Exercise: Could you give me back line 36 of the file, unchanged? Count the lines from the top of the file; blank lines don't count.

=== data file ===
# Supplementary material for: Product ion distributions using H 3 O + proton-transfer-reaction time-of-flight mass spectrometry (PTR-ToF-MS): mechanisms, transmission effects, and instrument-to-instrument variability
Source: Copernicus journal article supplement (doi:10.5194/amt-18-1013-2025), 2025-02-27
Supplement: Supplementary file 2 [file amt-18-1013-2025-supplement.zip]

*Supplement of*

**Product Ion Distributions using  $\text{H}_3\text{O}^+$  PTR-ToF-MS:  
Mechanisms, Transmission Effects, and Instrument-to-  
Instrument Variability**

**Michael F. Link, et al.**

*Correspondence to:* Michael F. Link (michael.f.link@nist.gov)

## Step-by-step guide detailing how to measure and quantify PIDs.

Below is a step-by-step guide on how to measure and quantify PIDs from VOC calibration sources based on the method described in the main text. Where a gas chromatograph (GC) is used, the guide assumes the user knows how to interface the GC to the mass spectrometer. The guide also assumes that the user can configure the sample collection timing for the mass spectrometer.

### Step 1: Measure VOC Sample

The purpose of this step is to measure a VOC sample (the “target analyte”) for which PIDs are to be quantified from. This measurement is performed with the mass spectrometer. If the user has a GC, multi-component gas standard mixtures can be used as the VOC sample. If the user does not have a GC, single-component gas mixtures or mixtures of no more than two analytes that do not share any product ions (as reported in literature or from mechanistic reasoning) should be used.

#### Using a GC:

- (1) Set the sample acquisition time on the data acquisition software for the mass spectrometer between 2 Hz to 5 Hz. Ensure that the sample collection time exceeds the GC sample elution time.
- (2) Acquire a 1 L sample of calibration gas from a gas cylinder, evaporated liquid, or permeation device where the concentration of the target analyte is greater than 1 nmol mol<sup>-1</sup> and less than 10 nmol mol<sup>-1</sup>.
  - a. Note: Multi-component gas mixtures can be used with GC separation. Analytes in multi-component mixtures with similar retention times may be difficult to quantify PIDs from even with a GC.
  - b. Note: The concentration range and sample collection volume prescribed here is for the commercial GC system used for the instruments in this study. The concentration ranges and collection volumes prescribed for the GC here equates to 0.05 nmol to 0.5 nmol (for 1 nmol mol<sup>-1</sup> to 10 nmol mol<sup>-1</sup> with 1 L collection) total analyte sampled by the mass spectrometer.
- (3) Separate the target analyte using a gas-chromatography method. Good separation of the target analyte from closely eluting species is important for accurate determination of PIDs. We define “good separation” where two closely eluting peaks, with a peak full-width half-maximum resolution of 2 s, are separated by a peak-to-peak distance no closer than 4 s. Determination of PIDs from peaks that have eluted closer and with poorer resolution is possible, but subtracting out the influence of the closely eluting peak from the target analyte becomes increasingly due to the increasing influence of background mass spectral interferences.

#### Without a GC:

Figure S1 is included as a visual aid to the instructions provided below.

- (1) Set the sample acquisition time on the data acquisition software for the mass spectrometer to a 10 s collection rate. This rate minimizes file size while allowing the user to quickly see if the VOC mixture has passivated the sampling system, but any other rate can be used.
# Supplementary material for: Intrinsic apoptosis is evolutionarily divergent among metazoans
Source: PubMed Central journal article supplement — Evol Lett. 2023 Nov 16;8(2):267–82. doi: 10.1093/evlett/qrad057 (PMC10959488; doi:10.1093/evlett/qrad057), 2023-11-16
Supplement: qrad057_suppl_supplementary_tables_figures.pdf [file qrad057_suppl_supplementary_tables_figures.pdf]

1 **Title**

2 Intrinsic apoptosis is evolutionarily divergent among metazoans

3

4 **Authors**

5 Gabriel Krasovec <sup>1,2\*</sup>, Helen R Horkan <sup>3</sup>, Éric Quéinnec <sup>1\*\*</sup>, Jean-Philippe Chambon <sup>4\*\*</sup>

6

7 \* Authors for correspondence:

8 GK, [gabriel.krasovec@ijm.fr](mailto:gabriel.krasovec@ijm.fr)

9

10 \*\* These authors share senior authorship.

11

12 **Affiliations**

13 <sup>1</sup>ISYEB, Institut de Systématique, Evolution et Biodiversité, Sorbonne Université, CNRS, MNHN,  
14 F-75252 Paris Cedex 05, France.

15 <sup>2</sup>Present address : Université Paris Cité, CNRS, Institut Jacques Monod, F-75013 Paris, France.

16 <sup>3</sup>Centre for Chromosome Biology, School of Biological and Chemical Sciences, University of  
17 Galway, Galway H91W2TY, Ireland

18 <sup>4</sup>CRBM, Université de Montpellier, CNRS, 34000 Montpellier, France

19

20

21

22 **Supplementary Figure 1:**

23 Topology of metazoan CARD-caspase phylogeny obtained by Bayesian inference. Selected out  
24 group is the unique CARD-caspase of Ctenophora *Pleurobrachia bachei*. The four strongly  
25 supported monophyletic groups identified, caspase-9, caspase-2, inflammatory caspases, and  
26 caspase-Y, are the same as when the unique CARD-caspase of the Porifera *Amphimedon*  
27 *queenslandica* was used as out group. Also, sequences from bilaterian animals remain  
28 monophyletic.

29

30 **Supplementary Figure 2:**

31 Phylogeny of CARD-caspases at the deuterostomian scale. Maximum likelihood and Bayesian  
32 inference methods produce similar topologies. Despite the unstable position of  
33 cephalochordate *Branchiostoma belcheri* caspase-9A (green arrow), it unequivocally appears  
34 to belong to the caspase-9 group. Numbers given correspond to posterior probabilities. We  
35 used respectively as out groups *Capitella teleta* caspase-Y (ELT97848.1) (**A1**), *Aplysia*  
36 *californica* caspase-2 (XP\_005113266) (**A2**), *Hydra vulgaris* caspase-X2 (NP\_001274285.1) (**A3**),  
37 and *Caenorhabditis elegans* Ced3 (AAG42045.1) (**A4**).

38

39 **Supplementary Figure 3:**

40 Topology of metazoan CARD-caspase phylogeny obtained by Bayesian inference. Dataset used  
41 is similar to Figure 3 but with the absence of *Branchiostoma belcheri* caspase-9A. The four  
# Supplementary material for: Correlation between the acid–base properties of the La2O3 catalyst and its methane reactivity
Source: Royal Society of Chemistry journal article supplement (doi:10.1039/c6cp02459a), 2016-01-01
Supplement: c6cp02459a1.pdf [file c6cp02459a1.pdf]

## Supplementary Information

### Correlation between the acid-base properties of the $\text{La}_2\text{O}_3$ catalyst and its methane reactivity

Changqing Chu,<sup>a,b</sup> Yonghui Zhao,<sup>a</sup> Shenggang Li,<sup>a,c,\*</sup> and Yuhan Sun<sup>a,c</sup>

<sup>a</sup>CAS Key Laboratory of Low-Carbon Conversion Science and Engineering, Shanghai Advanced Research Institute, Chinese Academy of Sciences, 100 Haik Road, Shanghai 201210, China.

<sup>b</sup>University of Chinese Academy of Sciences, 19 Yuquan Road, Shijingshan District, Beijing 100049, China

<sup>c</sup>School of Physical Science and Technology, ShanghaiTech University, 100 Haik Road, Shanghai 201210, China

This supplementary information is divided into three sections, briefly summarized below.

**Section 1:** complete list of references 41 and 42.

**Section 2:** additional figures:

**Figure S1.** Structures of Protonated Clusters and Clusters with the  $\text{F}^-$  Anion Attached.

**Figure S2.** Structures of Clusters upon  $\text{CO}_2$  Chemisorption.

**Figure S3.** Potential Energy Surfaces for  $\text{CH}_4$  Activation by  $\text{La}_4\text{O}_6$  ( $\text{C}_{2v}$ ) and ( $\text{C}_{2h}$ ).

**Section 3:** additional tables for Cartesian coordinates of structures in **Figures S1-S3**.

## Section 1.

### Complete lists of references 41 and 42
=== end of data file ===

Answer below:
11